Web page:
Lincoln and Douglas

Lincoln and Douglas

The Debates That Defined America

Book - 2008
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Baker & Taylor
An account of the famous open-air 1858 Senate election debates between Stephen A. Douglas and Abraham Lincoln provides insight into their political rivalry while gauging mid-nineteenth-century issues and how they affected local and presidential campaigns.

Baker
& Taylor

An account of the famous open-air 1858 Senate election debates between Stephen A. Douglas and Abraham Lincoln provides insight into their political rivalry while gauging mid-nineteenth-century issues and how they affected local and presidential campaigns. 30,000 first printing.
What carried this one-term congressman from obscurity to fame was his Senate campaign against the country's most formidable politician, Stephen A. Douglas, in the summer and fall of 1858. Lincoln challenged Douglas directly in one of his greatest speeches--"A house divided against itself cannot stand"--and confronted Douglas on the questions of slavery and the inviolability of the Union in seven fierce debates. Of course, the great issue was slavery. Douglas was the champion of letting states and territories decide for themselves whether to legalize slavery. Lincoln drew a moral line, arguing that no majority could ever make slavery right. Lincoln lost that Senate race to Douglas, though he came close to toppling the "Little Giant," but he emerged a predominant national figure. Guelzo's book brings alive their debates and this whole year of campaigns, and underscores their centrality in the greatest conflict in American history.--From publisher description.

Simon and Schuster
In 1858, Abraham Lincoln was known as a successful Illinois lawyer who had achieved some prominence in state politics as a leader in the new Republican Party. Two years later, he was elected president and was on his way to becoming the greatest chief executive in American history.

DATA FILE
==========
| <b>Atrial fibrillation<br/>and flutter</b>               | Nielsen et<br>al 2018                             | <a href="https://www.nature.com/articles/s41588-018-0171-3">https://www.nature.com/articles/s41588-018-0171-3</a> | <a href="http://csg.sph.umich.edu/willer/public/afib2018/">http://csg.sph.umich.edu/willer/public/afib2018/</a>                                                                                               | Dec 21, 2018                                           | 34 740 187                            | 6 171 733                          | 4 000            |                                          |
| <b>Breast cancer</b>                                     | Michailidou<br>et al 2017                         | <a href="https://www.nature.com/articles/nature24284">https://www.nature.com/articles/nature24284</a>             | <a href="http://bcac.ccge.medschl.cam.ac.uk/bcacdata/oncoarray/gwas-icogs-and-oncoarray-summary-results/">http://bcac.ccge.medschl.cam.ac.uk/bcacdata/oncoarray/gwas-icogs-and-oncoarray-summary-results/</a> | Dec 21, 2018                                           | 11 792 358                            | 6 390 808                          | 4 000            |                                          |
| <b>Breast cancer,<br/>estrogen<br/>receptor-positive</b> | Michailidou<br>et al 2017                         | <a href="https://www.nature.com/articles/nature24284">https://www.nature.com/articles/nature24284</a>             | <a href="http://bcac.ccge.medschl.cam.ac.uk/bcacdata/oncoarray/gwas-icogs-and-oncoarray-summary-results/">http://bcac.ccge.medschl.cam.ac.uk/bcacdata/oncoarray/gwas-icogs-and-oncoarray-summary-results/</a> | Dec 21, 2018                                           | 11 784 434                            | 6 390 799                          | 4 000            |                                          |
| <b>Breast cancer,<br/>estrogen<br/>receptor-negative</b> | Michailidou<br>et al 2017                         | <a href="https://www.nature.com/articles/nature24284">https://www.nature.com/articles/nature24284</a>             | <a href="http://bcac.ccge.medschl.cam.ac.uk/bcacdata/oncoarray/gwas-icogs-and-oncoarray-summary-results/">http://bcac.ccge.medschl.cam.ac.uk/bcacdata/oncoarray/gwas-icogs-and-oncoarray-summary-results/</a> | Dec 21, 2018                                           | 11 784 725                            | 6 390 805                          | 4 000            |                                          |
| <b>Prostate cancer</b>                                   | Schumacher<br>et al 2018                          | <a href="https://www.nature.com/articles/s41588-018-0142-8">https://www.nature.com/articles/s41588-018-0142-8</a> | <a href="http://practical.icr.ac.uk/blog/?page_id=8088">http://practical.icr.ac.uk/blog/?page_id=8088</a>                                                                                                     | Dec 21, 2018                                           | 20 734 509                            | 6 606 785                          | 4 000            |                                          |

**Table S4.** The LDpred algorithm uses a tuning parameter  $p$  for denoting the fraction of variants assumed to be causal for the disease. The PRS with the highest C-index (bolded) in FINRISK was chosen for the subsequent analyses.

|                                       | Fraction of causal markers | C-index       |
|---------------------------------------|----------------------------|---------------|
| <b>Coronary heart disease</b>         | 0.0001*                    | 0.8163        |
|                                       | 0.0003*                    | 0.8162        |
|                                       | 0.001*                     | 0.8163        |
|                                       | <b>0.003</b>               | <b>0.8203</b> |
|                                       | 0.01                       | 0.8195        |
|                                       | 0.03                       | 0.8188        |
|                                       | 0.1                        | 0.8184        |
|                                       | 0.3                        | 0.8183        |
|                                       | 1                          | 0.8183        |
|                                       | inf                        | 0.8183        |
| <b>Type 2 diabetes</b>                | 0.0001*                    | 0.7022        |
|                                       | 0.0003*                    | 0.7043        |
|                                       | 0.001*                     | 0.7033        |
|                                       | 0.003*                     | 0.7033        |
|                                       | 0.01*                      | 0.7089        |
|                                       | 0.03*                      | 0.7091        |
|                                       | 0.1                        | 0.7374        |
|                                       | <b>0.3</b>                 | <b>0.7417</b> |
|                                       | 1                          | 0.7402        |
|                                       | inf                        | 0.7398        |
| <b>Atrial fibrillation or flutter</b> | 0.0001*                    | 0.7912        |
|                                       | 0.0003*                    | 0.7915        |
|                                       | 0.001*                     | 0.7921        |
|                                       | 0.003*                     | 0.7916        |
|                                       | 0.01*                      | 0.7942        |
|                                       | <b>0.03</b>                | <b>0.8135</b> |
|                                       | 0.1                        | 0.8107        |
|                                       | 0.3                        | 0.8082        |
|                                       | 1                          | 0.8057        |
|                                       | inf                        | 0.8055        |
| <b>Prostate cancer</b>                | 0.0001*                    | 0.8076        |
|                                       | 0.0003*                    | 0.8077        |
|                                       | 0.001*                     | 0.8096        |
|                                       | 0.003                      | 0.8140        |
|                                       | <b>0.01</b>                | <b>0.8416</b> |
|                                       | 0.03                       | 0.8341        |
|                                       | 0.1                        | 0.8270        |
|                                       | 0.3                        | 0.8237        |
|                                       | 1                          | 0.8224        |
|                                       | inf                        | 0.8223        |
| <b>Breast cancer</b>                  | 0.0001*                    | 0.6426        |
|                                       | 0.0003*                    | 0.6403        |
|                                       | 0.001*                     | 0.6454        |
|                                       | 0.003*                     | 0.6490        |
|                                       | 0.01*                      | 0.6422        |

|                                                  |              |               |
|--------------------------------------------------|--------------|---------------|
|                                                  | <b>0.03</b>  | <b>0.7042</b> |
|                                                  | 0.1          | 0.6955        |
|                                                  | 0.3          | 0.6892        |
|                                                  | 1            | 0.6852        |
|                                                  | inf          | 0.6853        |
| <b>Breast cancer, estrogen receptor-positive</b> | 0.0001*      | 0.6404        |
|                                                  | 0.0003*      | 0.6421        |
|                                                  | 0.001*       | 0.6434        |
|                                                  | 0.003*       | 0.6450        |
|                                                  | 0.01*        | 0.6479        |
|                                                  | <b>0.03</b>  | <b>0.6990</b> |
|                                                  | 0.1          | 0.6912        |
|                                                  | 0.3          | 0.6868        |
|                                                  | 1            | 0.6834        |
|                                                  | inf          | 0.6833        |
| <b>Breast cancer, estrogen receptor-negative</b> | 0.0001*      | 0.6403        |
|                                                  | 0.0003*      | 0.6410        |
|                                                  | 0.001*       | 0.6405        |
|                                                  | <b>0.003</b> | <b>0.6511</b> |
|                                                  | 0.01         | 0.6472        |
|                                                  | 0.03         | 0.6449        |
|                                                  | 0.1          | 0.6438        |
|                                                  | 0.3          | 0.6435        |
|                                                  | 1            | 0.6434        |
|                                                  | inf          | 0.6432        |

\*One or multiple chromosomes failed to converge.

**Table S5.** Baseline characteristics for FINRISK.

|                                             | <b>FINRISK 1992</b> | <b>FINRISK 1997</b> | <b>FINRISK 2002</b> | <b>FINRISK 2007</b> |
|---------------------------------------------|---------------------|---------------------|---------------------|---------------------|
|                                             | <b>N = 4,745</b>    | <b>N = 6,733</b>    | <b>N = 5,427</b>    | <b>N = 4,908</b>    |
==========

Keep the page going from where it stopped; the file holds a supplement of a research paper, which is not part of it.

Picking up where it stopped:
What carried this one-term congressman from obscurity to fame was the campaign he mounted for the United States Senate against the country's most formidable politician, Stephen A. Douglas, in the summer and fall of 1858. Lincoln challenged Douglas directly in one of his greatest speeches -- "A house divided against itself cannot stand" -- and confronted Douglas on the questions of slavery and the inviolability of the Union in seven fierce debates. As this brilliant narrative by the prize-winning Lincoln scholar Allen Guelzo dramatizes, Lincoln would emerge a predominant national figure, the leader of his party, the man who would bear the burden of the national confrontation.

Of course, the great issue between Lincoln and Douglas was slavery. Douglas was the champion of "popular sovereignty," of letting states and territories decide for themselves whether to legalize slavery. Lincoln drew a moral line, arguing that slavery was a violation both of natural law and of the principles expressed in the Declaration of Independence. No majority could ever make slavery right, he argued.

Lincoln lost that Senate race to Douglas, though he came close to toppling the "Little Giant," whom almost everyone thought was unbeatable. Guelzo's Lincoln and Douglas brings alive their debates and this whole year of campaigns and underscores their centrality in the greatest conflict in American history.

The encounters between Lincoln and Douglas engage a key question in American political life: What is democracy's purpose? Is it to satisfy the desires of the majority? Or is it to achieve a just and moral public order? These were the real questions in 1858 that led to the Civil War. They remain questions for Americans today.

Publisher: New York : Simon & Schuster, 2008
ISBN: 9780743273206
0743273206
Branch Call Number: 973.68 G934L
Characteristics: xxvii, 383 p., [8] p. of plates : ill, map ; 25 cm

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